In the past ten years New Age festivals have sprung up in Israel offering a variety of religious expressions from Hare Krishna to Shanti to Jesus. The festivals have provided the National Evangelism Committee (NEC)—the evangelistic arm of messianic congregations in Israel—opportunities to set up a shop in which to offer the New Testament and other books. At one such festival David* received a New Testament. Later he met “Noam” Hendren (ThM, 1980), a friend of his teen-aged daughter. Here David and Noam tell the story of the uncommon friendship that developed.
David*: I was called over to a stand by a bearded fellow with a heavy accent, whom I heard calling, “Friend! Come over and have a free book!” When he handed me a copy of the New Testament, I tried to resist. He insisted on giving it to me for free, and by the time I heard him read me John 1:1–14, I was thinking, “How many guys have ever read the New Testament in Hebrew?” I took it out of interest in religion, philosophy, and the desire to do or touch something new.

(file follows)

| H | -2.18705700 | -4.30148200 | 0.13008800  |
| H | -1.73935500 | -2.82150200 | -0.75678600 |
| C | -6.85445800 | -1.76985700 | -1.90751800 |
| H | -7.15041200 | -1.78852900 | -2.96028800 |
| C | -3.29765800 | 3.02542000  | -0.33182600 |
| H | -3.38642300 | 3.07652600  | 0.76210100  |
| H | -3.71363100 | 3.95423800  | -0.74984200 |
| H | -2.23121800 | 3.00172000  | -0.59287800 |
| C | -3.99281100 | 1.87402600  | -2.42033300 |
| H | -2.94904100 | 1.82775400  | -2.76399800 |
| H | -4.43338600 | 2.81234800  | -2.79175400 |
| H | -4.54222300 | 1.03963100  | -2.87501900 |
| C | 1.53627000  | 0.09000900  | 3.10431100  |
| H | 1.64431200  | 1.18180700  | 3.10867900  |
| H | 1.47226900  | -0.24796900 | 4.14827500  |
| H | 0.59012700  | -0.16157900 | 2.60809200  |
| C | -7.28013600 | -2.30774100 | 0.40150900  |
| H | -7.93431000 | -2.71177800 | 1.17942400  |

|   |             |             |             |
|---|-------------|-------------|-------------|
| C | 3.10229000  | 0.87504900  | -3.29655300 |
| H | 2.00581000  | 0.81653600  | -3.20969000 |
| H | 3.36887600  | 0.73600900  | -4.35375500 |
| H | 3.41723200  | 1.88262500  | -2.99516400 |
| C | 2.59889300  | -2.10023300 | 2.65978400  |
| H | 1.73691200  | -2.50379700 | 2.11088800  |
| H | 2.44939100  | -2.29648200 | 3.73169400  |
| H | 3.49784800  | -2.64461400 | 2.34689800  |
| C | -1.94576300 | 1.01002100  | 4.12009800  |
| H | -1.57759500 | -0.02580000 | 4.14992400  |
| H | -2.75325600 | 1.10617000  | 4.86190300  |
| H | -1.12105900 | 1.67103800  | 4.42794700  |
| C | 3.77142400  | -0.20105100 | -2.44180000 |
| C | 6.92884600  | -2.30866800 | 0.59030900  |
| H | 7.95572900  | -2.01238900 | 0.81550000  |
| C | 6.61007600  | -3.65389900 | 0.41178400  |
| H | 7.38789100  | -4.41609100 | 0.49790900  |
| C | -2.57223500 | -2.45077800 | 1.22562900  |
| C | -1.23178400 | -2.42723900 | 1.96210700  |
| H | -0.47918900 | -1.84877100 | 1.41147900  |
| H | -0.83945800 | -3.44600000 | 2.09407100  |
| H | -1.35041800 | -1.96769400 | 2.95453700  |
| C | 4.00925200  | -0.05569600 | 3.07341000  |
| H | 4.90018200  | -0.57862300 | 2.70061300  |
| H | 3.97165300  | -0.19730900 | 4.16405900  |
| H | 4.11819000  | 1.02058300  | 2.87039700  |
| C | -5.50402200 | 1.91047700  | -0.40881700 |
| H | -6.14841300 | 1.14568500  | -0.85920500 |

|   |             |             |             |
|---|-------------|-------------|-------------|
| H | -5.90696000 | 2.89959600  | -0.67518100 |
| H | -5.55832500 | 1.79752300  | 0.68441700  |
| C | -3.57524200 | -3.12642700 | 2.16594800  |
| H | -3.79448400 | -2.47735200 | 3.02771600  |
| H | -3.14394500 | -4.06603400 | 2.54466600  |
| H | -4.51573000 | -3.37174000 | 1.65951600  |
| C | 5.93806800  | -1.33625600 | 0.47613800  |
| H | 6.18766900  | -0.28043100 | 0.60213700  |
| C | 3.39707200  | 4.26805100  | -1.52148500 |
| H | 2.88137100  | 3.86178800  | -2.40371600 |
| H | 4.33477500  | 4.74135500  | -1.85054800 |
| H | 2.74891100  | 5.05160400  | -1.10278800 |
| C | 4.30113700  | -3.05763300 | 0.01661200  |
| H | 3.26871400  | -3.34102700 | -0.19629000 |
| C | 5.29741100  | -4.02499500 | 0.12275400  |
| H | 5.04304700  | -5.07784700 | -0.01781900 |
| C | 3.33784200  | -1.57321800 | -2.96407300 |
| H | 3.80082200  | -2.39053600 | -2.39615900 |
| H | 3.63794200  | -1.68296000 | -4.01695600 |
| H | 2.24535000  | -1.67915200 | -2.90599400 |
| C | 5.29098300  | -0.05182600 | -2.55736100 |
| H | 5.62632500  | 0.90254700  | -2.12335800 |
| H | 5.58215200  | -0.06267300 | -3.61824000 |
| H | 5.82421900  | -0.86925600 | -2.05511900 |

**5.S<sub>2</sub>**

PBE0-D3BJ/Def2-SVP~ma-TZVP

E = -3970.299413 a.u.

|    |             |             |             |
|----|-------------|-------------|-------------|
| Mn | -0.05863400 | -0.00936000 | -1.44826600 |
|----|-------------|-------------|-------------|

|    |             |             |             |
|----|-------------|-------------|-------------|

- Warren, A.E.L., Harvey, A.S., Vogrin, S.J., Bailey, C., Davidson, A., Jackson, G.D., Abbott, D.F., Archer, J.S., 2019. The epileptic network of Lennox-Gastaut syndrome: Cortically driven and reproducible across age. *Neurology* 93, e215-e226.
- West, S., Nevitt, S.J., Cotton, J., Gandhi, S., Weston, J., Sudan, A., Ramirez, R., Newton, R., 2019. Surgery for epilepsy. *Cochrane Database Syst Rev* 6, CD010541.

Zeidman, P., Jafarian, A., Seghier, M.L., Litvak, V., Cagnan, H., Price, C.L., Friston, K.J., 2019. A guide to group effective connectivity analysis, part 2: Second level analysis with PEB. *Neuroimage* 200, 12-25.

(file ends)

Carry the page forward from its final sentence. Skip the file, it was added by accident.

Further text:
Noam: A regular visitor to our home, David occasionally asked me questions about the New Testament. Within a couple of months his questions turned more serious, and four years ago we began to meet weekly for several hours.
We started by focusing on the plan of God using the Old Testament only, but David also had other, more philosophical questions. It quickly became clear that he was serious, asking the kinds of questions that get to the core objections that concern Jews. One of David’s first questions was, “I don’t know what to do with this business of Jesus being God. I don’t see how that fits in with being a Jewish person.” That is probably the fundamental stumbling block for any Jewish person considering the gospel. I took David through the Old Testament, showing how it presents the Messiah as God coming in human flesh.
We met for about two months. As we worked through these topics, it became clear that David really understood the gospel. He was no longer raising common objections. He was satisfied that we were talking about the truth.